organization of workers committed to direct action strategies and
self-management rather than capitulating to the demands of politicians or
bosses.

When I asked our comrades about common CNT strategies, our hosts told us that
often, when workers needed solidarity work due to firings or unfair labor
practices, the union would wage campaigns like the Hotel Vincci pickets that we
took part in. The union, however, also involves itself in other social struggles
and participates in workers’ struggles outside of the workplace as well. I sent
some interview questions over to our comrades in Madrid and, what follows, are
their responses. I do think some of the questions didn’t “translate” very well
(for example, when we talk of “political organizations” in the Anglo world, we
mean anarchist organizations that DO NOT participate in state politics in which
we develop theory and practice collectively while also organizing in mass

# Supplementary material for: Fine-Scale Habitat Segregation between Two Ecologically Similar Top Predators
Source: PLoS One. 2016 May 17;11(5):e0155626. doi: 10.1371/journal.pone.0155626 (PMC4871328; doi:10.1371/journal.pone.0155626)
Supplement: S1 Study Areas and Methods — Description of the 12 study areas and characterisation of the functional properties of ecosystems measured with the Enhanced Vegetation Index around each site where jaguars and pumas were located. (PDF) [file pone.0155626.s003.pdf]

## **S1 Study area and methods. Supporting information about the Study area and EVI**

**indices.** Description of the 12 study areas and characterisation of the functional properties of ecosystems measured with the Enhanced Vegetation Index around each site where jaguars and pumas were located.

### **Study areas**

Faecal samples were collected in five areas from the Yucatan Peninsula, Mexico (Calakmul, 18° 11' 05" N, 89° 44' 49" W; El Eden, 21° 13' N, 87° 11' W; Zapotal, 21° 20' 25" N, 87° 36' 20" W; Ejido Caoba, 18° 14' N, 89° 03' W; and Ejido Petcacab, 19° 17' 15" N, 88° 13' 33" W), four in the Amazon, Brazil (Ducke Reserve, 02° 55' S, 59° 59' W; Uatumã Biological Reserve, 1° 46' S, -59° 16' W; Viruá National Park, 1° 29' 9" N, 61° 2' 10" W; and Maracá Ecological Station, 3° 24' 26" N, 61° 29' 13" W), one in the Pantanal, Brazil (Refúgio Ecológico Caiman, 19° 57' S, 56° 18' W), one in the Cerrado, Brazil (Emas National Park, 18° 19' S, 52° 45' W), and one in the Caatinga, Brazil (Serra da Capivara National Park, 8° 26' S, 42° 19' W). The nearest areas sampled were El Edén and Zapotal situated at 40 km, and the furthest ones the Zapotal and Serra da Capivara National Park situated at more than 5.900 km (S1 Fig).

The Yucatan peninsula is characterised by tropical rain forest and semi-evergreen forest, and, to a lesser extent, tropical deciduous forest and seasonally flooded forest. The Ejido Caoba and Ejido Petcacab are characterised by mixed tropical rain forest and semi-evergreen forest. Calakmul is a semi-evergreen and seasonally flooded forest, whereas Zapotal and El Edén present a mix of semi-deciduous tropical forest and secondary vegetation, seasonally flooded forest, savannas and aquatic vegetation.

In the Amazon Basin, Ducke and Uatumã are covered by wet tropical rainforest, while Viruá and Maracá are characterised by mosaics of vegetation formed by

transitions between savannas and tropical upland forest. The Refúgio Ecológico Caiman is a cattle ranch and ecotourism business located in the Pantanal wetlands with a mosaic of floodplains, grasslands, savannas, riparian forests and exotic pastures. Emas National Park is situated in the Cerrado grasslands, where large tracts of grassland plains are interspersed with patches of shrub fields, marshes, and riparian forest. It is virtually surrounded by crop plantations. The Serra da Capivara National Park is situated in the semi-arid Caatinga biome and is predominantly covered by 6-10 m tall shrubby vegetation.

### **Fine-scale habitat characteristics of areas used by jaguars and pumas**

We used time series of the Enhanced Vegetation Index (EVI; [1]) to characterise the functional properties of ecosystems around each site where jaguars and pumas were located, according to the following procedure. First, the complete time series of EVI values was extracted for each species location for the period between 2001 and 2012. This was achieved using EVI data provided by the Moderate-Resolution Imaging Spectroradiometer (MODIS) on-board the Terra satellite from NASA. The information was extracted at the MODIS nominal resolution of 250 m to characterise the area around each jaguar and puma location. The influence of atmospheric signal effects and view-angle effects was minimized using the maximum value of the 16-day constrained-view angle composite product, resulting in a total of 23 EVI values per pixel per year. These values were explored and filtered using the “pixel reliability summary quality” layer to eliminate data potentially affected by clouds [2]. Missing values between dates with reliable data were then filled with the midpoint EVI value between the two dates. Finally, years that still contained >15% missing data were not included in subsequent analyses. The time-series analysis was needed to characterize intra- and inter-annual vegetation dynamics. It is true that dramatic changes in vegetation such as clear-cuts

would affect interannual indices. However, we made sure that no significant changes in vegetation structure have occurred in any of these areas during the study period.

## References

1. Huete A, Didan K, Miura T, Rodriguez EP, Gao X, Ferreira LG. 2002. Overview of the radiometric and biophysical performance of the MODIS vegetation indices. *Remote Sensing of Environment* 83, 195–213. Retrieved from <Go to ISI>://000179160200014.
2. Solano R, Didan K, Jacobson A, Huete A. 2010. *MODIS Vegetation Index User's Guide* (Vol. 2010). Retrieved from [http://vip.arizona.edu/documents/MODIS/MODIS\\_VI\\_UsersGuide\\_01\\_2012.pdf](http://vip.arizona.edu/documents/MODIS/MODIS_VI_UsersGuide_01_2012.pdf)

organizations with workers as militant minorities in social movements—we call
this dual organizationalism), but I feel the interview carries with it some
important insights (and differences) for discussion among anglo comrades.

1. First, can you tell us a little about the CNT, its structure, and some of the
things the organization does?

The CNT is an anarchosyndicalist union. The organization aims to be a tool to
channel and support workers’ day to day struggles. We try to reflect how we
would like a future society to look in the way we organize and struggle. That
future society would be (and this union now is) horizontally governed, decisions